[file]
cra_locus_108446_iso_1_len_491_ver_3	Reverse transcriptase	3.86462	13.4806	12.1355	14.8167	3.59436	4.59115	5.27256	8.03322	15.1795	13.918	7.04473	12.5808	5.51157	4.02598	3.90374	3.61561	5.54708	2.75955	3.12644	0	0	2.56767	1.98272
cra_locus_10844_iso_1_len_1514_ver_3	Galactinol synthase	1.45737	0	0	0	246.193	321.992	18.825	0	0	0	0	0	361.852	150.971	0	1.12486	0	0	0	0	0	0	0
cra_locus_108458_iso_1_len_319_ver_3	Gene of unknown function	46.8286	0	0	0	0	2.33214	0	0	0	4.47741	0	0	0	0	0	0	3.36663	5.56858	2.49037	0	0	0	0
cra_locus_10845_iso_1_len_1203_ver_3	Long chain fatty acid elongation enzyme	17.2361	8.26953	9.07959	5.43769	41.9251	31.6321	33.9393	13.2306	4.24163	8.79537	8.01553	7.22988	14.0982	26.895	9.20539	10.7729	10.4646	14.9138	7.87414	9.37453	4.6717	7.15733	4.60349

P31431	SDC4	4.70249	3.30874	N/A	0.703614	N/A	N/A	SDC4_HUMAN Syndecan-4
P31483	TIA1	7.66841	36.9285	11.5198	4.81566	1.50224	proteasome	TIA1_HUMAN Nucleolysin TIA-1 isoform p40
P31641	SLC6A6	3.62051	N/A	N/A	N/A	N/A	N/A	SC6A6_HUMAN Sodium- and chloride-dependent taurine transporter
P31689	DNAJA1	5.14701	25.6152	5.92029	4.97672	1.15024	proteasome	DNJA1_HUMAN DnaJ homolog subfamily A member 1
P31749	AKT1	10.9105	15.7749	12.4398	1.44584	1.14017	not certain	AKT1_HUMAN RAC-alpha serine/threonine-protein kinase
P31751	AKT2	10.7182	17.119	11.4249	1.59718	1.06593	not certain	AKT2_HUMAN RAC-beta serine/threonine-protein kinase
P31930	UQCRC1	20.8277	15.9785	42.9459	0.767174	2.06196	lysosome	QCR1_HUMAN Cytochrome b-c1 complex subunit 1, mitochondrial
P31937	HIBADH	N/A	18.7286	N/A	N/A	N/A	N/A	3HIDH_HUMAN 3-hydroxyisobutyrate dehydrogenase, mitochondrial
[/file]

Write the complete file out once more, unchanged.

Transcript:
cra_locus_108446_iso_1_len_491_ver_3	Reverse transcriptase	3.86462	13.4806	12.1355	14.8167	3.59436	4.59115	5.27256	8.03322	15.1795	13.918	7.04473	12.5808	5.51157	4.02598	3.90374	3.61561	5.54708	2.75955	3.12644	0	0	2.56767	1.98272
cra_locus_10844_iso_1_len_1514_ver_3	Galactinol synthase	1.45737	0	0	0	246.193	321.992	18.825	0	0	0	0	0	361.852	150.971	0	1.12486	0	0	0	0	0	0	0
cra_locus_108458_iso_1_len_319_ver_3	Gene of unknown function	46.8286	0	0	0	0	2.33214	0	0	0	4.47741	0	0	0	0	0	0	3.36663	5.56858	2.49037	0	0	0	0
cra_locus_10845_iso_1_len_1203_ver_3	Long chain fatty acid elongation enzyme	17.2361	8.26953	9.07959	5.43769	41.9251	31.6321	33.9393	13.2306	4.24163	8.79537	8.01553	7.22988	14.0982	26.895	9.20539	10.7729	10.4646	14.9138	7.87414	9.37453	4.6717	7.15733	4.60349

P31431	SDC4	4.70249	3.30874	N/A	0.703614	N/A	N/A	SDC4_HUMAN Syndecan-4
P31483	TIA1	7.66841	36.9285	11.5198	4.81566	1.50224	proteasome	TIA1_HUMAN Nucleolysin TIA-1 isoform p40
P31641	SLC6A6	3.62051	N/A	N/A	N/A	N/A	N/A	SC6A6_HUMAN Sodium- and chloride-dependent taurine transporter
P31689	DNAJA1	5.14701	25.6152	5.92029	4.97672	1.15024	proteasome	DNJA1_HUMAN DnaJ homolog subfamily A member 1
P31749	AKT1	10.9105	15.7749	12.4398	1.44584	1.14017	not certain	AKT1_HUMAN RAC-alpha serine/threonine-protein kinase
P31751	AKT2	10.7182	17.119	11.4249	1.59718	1.06593	not certain	AKT2_HUMAN RAC-beta serine/threonine-protein kinase
P31930	UQCRC1	20.8277	15.9785	42.9459	0.767174	2.06196	lysosome	QCR1_HUMAN Cytochrome b-c1 complex subunit 1, mitochondrial
P31937	HIBADH	N/A	18.7286	N/A	N/A	N/A	N/A	3HIDH_HUMAN 3-hydroxyisobutyrate dehydrogenase, mitochondrial